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Jack Goodland at Transplant Games 

Waking up after a successful kidney transplant in 2019, Jack Goodland says he could suddenly see the world in colour again.

After feeling so ill for so long, the 26-year-old knew he'd been given another chance at life and was determined to grab it.

"Before the transplant I was quite poorly and I honestly didn't think the operation would make any difference at all," he recalled.
"My mum said "You won't know yourself after!", and as soon as I woke up and looked out, everything was bright and colourful whereas before everything was dull and grey. That's all to do with your immune system I guess but it was a great feeling."
Now Jack, who has competed and medalled at more than 20 British Transplant Games', is dreaming of playing bowls at a World Transplant Games.

Jack's remarkable journey began when he was diagnosed with chronic renal failure at just seven weeks old.
At the age of two, after 18 months of dialysis, he was placed on the organ transplant list and a suitable kidney became available after four months. Despite Jack picking up numerous infections and viruses in the months following the operation, he soon thrived, was able to start school and quickly became very keen on sport.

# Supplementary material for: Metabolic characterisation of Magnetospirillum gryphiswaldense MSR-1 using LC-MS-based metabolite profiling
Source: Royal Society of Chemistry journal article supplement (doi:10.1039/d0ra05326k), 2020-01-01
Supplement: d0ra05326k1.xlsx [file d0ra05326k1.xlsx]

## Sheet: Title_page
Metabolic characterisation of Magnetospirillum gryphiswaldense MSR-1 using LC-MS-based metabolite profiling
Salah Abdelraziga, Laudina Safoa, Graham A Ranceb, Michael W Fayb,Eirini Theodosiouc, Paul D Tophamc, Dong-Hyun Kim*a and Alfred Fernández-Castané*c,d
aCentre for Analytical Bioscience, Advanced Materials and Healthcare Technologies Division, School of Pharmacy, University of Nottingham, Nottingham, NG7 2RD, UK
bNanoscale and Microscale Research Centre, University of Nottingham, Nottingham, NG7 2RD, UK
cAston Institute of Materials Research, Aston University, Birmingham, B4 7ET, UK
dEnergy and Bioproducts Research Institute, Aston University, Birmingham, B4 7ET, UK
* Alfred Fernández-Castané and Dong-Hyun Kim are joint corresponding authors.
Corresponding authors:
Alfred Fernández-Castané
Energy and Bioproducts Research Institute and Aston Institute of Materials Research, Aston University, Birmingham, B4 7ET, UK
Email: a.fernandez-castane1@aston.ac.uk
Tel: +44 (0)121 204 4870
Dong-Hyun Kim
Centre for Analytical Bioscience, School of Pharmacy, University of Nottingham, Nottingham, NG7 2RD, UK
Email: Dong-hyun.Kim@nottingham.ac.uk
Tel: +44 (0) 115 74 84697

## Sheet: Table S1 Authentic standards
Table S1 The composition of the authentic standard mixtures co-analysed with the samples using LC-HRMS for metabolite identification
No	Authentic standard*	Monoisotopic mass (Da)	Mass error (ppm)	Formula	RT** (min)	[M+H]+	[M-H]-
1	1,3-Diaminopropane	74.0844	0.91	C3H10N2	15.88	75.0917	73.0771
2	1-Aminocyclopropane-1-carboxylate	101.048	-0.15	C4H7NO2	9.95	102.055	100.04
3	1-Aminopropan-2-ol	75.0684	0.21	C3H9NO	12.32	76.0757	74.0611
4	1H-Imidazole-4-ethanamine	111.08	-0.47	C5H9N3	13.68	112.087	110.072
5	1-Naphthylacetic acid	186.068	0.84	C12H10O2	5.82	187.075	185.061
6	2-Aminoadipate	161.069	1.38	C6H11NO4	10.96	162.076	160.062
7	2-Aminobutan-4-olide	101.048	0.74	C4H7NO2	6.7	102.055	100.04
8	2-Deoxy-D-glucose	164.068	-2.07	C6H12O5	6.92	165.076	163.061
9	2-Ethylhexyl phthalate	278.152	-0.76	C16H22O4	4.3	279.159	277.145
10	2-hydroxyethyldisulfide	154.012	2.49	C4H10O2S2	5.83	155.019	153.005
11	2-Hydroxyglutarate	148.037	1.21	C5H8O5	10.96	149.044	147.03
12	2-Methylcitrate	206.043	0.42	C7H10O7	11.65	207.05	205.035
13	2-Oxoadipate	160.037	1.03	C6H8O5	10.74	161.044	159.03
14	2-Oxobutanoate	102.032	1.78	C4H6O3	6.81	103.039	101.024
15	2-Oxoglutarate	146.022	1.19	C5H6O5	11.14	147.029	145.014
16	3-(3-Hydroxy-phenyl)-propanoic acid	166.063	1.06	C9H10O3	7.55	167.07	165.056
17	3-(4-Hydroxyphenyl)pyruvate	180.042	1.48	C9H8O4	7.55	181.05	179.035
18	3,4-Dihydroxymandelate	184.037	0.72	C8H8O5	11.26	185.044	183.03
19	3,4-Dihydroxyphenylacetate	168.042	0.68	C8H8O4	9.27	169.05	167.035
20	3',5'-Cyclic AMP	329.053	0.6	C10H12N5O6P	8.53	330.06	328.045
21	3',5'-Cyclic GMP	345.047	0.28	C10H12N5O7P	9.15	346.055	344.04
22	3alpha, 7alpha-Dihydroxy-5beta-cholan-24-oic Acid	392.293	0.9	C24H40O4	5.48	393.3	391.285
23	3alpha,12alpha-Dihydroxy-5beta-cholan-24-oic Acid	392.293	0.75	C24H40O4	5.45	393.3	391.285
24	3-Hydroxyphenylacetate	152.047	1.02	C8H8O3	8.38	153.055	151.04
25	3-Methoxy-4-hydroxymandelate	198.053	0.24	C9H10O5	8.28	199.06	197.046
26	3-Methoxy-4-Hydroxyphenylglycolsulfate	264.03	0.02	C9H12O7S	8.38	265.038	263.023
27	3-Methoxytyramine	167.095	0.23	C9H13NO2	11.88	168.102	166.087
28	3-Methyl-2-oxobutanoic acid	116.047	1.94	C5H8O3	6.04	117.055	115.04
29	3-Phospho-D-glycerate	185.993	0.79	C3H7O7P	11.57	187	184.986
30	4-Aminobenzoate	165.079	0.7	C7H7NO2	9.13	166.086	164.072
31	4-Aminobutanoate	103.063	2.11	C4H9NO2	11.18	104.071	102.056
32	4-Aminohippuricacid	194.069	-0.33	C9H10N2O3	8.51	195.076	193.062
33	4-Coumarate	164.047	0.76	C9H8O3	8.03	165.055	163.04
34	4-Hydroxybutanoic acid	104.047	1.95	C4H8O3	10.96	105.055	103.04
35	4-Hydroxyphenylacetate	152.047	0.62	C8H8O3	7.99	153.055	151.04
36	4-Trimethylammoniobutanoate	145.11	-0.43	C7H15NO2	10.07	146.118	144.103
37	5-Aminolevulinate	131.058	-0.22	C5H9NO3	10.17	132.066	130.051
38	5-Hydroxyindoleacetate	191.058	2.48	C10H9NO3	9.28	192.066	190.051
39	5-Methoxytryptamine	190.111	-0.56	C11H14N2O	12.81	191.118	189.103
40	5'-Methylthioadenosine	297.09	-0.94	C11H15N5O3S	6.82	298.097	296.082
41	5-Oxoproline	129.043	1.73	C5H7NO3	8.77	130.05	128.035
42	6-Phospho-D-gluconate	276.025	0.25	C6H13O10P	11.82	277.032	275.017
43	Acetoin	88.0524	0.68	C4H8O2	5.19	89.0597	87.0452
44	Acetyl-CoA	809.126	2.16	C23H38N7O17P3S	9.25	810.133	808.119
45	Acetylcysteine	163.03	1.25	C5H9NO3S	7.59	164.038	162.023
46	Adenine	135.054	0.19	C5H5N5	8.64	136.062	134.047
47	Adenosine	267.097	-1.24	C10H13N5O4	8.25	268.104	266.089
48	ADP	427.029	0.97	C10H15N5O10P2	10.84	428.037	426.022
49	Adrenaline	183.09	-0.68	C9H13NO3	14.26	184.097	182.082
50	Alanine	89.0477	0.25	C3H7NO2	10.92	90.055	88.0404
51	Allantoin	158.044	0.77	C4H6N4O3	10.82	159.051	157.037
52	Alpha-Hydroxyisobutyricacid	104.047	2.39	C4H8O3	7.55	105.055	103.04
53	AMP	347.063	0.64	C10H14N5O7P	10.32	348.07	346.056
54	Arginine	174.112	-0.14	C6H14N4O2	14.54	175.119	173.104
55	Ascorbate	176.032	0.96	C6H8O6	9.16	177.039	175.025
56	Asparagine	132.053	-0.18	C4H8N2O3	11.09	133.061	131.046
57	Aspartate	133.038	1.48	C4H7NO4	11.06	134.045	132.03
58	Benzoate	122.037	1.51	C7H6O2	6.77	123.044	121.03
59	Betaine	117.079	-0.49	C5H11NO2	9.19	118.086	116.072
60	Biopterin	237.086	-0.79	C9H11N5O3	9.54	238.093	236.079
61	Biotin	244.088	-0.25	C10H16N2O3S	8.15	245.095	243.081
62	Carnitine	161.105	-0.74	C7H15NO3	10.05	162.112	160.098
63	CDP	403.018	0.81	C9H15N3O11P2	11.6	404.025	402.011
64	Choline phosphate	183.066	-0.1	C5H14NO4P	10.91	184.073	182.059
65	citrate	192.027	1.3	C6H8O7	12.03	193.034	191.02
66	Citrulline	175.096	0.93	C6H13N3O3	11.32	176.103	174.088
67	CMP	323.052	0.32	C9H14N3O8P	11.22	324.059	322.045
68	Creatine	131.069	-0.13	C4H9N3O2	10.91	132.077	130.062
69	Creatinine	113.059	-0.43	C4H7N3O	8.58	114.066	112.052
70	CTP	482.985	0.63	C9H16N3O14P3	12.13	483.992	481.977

Such was his determination that he competed in his first British Transplant Games in Leeds in 2001 at the age of four and won two gold medals. He's since won medals at every annual event.

Jack enjoyed playing football, table tennis and county level badminton until he entered puberty and his kidney began to fail. He had already started playing bowls at the age of 11 after being introduced by a school friend.
"He invited me to his house and bowls was on the TV," Jack recalled. "I'd never heard of it before and never seen it but my friend told me all about the junior section on Monday afternoons at Yeovil Bowls Club which is just opposite the hospital I attend regularly.
"My kidney was up and down at the time and I knew I needed to find a sport which wasn't as physically challenging but was still competitive, exciting and sociable and bowls was that for me. I was also very lucky that my two coaches were Edna Bessell and Mo Monkton."
Jack Goodland after 2nd transplant
When Jack became aware that he needed another transplant during his teenage years, he became very anxious.
"It's common to need another transplant, they can last around 10/15 years depending on how you look after them - mine lasted 20. However, I had no memory of my first transplant and I was feeling unwell, I had no appetite and my energy levels were low.
"I had become very depressed; I couldn't keep up with my peers as I would tire so easily. I struggled at school due to the number of hospital admissions etc. and it took me a while to find a job that I could cope with. The team at Southmead were brilliant and I had a lot of support and my GP treated my depression so by the time the operation took place I was in a much better place mentally to cope with it."

The transplant was a success and Jack was discharged from hospital after five days.